MBTA adopts corporate mindset with GM pick
Ramirez has strong business skills, no public sector or transit experience
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Luis Manuel Ramirez, 50, currently runs a Dallas-based consulting firm called TodoModo Group. He previously ran Global Power Equipment Corp., a design, engineering, and manufacturing firm in Dallas, and served in a number of high-management positions at General Electric and Siemens Global Businesses.
His resume, and particular his turnaround skills, are what attracted the T’s attention. But when he starts at the agency on Sept. 12, Ramirez will know little about the long-troubled transit authority he is heading or the highly political environment in which it operates. His familiarity with Boston is limited to what he has picked up on a few visits to the city on business over the years. And his knowledge of the MBTA is defined by what he learned during the selection process for his job and some time he spent personally riding the various subways lines and the Silver Line.
Transportation Secretary Stephanie Pollack characterized Ramirez’s lack of public sector or transit experience as almost a plus. “Transit expert was not high on our priority list when we launched a search for a new general manager six months ago,” she said. “What we wanted was a successful and seasoned executive with a proven track record at leading complex organizations through transformation and change. Those kinds of private sector leaders who are willing to come into the public sector, and particularly an organization like the MBTA that is under near-daily public scrutiny, are not necessarily easy to find.”
“Luis is a CEO who has shown in his past positions that, when paired with a strong operating second, he can really make transformative change in organizations, and he has shown that he stays until he gets the job done,” Pollack said. “In MBTA Deputy General Manager Jeff Gonneville, Luis has that strong operating partner and I’m confident that the combination of the two gives the T one of the strongest leadership teams it could possibly have.”
Ramirez signed a three-year contract that pays him a base salary of $320,000 a year, increasing 1.5 percent each year. He will also be eligible for a “success bonus” equal to 32,000 the first year, $48,000 the second year, and $64,000 the third year. Pollack said the contract’s definition of success (an annual series of performance metrics) has not been spelled out yet, but will be before he starts work. His contract can be renewed for a fourth and fifth year by mutual agreement of Pollack (or her successor) and Ramirez.
The contract also provides for as much as $60,000 in moving expenses and allows Pollack to remove Ramirez with or without just cause. If he is removed without just cause, Ramirez will be entitled to three months of salary plus a pro-rated portion of his bonus. If he is removed for cause, he will receive no additional salary payments.
While Ramirez’s pay is high by Beacon Hill standards (the governor is paid $151,800 a year and Pollack makes $161,500), Pollack said he could make a lot more in the private sector. She said the average pay for a transit authority GM nationally is in the low $300,000 range.
The contract itself is a sign of how the T is changing. Joe Pesaturo, the T’s long-time spokesman, said many general managers in the past didn’t have detailed contracts or incentive bonuses. Now those types of contracts are becoming more commonplace. In addition to Ramirez, Gonneville and John Dalton, the contractor hired to oversee the Green Line extension to Somerville and Medford, have performance bonuses in their contracts.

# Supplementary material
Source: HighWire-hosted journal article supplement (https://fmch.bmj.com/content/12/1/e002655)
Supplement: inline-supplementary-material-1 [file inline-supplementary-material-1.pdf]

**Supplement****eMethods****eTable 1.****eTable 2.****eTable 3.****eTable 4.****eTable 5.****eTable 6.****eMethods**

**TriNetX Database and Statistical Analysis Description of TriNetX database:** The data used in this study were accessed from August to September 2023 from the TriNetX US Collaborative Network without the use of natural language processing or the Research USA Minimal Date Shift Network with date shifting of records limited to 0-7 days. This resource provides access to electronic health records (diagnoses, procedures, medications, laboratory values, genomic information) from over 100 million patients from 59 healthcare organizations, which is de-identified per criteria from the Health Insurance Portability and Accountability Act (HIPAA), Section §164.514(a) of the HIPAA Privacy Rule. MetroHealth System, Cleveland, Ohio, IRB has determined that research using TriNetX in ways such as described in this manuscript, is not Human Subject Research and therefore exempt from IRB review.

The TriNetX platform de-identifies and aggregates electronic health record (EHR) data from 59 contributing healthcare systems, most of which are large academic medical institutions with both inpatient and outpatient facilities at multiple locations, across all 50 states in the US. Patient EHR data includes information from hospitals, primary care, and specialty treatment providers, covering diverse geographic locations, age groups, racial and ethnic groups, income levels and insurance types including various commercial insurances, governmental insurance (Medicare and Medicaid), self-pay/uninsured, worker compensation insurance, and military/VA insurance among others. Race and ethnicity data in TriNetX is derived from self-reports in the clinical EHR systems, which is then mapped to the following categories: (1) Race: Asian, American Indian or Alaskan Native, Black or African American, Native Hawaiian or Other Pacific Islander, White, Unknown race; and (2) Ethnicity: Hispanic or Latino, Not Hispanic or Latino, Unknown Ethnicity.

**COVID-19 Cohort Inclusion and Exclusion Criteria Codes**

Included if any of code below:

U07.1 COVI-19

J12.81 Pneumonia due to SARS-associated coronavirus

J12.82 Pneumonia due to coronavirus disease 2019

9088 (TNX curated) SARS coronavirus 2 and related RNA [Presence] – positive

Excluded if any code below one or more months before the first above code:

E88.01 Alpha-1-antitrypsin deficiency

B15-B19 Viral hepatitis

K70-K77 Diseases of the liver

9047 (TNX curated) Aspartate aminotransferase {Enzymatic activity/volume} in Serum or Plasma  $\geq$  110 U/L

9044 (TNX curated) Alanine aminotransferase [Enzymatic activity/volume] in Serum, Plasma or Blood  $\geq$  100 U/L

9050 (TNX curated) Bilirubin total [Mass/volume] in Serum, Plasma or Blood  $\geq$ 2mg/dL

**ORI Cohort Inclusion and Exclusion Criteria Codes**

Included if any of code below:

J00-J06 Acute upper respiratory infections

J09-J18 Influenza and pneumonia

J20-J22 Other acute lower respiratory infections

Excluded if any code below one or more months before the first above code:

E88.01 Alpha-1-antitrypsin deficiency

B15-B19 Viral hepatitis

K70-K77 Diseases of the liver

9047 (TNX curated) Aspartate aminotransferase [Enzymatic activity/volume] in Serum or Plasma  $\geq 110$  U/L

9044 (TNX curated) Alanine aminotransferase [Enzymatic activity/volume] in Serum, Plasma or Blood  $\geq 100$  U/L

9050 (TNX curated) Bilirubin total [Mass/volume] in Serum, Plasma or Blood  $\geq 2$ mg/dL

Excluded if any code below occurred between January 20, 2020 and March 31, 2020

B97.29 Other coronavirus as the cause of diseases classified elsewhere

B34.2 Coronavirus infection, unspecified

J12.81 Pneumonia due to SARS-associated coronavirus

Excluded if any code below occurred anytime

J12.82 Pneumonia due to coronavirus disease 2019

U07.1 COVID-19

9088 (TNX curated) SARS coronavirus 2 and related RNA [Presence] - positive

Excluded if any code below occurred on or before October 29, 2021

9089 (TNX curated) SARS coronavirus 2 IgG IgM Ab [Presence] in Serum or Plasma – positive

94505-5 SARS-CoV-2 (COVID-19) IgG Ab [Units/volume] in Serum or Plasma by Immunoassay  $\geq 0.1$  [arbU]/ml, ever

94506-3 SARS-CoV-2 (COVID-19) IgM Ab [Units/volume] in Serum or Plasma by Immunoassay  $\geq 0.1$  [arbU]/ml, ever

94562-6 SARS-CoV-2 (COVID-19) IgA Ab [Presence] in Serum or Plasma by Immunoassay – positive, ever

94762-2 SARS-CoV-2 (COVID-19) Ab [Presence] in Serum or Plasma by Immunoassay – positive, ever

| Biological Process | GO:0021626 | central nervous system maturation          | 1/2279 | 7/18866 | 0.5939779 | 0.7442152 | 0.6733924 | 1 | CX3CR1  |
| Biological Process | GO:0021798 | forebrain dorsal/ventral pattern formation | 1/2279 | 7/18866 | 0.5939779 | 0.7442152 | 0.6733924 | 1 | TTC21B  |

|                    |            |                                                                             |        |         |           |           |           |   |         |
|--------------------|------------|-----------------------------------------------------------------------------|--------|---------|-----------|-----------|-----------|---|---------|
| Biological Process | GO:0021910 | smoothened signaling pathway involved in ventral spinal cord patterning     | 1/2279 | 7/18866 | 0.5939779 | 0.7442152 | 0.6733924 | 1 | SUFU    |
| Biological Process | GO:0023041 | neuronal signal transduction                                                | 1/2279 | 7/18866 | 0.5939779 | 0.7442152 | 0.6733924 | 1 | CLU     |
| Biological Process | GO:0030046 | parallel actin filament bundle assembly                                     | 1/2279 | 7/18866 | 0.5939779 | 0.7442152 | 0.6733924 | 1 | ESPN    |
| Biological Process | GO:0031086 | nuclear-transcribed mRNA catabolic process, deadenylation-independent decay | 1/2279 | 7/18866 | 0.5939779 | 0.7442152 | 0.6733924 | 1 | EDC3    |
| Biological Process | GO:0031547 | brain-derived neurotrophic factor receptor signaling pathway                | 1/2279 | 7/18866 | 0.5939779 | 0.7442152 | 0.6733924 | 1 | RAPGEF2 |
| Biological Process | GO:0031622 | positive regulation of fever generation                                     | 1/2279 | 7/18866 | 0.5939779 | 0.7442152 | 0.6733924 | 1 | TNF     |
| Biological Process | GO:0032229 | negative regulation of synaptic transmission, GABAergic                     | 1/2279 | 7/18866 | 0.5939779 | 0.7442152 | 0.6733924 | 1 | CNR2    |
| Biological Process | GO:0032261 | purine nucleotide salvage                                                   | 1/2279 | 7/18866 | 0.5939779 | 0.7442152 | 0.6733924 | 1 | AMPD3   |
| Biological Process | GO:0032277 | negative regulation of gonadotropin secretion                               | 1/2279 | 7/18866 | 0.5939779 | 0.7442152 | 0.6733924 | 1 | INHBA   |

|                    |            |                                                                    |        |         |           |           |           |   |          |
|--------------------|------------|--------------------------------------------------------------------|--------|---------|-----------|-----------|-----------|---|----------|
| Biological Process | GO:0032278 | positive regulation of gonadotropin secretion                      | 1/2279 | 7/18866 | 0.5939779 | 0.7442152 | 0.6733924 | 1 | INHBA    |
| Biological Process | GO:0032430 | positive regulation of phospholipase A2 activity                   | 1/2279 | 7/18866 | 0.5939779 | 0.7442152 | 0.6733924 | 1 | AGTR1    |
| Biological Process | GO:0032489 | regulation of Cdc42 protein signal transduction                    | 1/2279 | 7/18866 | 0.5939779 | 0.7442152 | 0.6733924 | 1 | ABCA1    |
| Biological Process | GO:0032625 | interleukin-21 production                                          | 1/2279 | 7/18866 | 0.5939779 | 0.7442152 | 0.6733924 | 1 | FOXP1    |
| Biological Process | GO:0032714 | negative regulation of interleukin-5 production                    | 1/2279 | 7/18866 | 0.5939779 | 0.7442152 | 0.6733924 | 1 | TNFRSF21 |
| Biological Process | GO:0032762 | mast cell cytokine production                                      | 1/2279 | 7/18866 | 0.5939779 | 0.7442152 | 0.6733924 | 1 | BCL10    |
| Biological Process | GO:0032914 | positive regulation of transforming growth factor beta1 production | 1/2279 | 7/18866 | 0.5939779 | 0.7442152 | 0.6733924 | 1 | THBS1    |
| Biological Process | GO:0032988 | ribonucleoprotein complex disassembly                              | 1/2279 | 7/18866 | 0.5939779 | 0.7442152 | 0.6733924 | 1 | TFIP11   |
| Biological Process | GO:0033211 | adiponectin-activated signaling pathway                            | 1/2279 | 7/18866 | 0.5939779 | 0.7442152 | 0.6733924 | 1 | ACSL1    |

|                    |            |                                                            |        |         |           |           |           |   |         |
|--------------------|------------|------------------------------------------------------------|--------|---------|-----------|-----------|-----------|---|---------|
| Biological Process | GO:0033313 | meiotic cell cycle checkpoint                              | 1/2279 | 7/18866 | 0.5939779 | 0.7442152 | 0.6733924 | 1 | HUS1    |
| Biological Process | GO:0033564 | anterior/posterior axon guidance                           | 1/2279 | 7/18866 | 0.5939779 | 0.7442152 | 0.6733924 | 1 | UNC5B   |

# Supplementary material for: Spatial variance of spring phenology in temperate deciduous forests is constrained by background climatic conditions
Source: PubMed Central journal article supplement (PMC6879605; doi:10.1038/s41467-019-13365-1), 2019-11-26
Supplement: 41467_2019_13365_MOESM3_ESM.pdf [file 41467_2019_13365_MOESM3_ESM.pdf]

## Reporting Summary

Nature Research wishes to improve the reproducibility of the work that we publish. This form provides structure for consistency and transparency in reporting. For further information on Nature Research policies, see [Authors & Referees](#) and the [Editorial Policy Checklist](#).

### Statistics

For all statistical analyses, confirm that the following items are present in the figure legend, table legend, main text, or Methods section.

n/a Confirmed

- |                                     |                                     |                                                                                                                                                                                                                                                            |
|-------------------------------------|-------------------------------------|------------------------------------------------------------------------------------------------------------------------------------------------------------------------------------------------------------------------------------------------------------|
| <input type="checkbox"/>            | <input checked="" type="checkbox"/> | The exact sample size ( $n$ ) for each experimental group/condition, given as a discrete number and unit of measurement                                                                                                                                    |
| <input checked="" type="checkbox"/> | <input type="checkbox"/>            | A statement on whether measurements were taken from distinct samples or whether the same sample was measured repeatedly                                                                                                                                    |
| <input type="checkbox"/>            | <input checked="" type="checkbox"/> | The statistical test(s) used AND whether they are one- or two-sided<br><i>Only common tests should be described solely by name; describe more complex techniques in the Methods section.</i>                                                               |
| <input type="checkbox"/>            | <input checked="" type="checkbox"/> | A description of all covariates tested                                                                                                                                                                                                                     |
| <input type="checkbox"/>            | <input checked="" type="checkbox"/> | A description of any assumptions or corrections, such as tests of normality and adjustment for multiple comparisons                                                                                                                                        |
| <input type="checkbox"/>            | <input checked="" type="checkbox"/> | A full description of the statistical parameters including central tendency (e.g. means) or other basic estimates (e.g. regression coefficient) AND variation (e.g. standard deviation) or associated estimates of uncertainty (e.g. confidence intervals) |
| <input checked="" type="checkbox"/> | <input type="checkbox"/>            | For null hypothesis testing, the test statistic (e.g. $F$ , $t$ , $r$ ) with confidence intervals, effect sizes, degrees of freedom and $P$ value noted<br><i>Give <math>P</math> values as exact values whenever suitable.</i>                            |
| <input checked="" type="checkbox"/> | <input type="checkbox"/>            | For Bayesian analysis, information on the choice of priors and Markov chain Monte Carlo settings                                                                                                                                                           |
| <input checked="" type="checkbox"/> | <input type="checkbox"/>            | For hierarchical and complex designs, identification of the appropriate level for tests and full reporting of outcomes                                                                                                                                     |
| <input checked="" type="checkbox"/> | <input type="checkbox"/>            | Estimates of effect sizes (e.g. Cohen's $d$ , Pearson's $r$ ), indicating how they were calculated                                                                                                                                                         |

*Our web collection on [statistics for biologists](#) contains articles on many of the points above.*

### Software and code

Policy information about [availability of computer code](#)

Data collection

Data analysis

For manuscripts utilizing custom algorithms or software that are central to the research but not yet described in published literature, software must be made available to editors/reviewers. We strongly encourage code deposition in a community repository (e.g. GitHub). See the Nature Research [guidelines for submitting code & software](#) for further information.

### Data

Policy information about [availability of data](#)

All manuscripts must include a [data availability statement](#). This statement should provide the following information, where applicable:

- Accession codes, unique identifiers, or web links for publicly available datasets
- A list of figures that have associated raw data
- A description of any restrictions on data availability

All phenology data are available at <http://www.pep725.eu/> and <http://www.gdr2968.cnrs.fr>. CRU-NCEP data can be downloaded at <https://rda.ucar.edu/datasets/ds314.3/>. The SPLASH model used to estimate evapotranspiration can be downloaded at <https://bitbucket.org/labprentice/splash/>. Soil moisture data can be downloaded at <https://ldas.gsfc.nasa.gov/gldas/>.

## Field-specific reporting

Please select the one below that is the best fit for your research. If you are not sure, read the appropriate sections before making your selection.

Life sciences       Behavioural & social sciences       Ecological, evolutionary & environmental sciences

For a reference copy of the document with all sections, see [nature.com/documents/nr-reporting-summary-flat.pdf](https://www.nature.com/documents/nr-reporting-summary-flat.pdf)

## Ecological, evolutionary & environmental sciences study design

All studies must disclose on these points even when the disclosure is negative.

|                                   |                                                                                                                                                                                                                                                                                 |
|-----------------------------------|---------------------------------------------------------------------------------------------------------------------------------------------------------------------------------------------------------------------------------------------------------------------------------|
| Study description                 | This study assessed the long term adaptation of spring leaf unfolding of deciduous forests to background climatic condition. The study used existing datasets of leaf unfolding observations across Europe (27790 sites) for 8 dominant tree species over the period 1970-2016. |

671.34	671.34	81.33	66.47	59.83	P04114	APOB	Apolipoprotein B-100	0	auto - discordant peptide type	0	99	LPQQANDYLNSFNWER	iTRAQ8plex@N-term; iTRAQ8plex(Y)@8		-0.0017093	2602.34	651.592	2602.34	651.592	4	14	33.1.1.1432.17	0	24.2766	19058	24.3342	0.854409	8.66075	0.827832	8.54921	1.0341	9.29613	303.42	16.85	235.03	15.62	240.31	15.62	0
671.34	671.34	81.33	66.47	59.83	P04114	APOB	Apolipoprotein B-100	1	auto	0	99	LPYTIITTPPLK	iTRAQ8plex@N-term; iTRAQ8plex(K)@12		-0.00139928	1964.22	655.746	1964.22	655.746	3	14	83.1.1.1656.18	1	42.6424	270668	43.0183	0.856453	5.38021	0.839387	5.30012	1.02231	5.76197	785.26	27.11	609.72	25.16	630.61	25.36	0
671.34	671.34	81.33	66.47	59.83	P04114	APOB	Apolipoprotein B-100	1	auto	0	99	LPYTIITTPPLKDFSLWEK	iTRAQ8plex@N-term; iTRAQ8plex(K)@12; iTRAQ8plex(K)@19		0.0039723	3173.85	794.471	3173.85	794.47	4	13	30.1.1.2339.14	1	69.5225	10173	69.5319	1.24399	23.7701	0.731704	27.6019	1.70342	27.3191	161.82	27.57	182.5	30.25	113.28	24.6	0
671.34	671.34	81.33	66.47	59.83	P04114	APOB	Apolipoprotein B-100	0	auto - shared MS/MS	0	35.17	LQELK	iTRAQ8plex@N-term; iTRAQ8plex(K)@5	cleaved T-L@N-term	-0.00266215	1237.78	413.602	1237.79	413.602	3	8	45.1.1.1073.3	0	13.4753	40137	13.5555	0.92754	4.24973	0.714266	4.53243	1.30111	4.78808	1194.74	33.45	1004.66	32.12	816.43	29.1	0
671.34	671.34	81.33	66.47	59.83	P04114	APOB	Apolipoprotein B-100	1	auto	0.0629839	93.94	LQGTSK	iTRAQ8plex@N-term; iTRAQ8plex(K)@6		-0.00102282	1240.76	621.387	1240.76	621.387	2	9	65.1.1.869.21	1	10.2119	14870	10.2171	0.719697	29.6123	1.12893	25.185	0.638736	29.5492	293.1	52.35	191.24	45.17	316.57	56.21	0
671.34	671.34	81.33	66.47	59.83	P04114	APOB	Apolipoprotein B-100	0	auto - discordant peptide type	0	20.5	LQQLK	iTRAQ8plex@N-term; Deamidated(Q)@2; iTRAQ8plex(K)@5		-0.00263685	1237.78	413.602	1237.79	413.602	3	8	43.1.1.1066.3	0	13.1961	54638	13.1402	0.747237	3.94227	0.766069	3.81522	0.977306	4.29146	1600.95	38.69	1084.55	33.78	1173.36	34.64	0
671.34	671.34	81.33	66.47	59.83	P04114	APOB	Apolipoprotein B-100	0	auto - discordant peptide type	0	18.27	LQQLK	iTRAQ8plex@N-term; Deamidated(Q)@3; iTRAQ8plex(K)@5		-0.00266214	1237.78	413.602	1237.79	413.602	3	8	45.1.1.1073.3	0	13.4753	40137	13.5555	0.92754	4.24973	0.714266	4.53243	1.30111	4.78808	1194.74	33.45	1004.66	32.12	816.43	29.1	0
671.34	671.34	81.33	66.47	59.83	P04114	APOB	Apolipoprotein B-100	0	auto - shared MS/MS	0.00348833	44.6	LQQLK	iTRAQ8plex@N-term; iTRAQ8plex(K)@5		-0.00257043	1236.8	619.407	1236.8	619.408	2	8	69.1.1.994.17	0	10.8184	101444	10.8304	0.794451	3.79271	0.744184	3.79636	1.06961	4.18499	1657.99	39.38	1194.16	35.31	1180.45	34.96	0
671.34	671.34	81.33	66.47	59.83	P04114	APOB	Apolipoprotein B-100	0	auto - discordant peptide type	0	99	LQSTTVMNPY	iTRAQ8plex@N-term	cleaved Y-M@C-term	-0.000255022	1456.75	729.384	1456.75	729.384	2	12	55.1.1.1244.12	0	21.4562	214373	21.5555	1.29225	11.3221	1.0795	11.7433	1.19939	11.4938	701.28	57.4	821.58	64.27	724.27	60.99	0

Pollack and Gov. Charlie Baker, who got to know Ramirez over lunch in his State House office, are counting on the new general manager to stay at least three years but hopefully longer. There have been five permanent and interim general managers at the T since Baker took office in 2015, and administration officials say the transit authority desperately needs management stability.
“We need at least three years to build on the changes that we’ve made,” Pollack said. She said the governor has told her that turnarounds run in stages. The first stage is when problems are defined, new people are hired, and revised goals are set. Then begins the middle phase, executing on the newly established goals, which Pollack described as perhaps the hardest. “That’s the phase the T is at now, a lot of progress but not enough,” she said.
Ramirez speaks English, Spanish, and German fluently.
Ramirez adopted a humble attitude in answering questions from the media, but offered few hints about his plans for the MBTA. He said he has always been interested in taking the skills he has learned in the private sector and applying them in the public sector. He said he wouldn’t be able to engineer a turnaround at the T by himself, and said the turnaround at the T is already underway.
Asked whether the T needs additional revenue, he said he is not as familiar with that topic as he needs to be. He also declined to say what short and medium-term goals he has for the agency. He also said he is comfortable dealing with unions.
T officials have set aside $2.5 million for Ramirez to hire staffers of his own choosing. Once Ramirez takes over, Steven Poftak, who has been serving as interim general manager, will return to the Fiscal and Management Control Board, replacing Lisa Calise, who is stepping down.The timing of Ramirez’s job at the T seems somewhat fortuitious, since his wife, Delia Garced, a vice president for market activation at GE Digital, will be transferring to the company’s new Boston headquarters.
“We’re already looking for a place to live,” Ramirez said. “We plan to be here for a long time.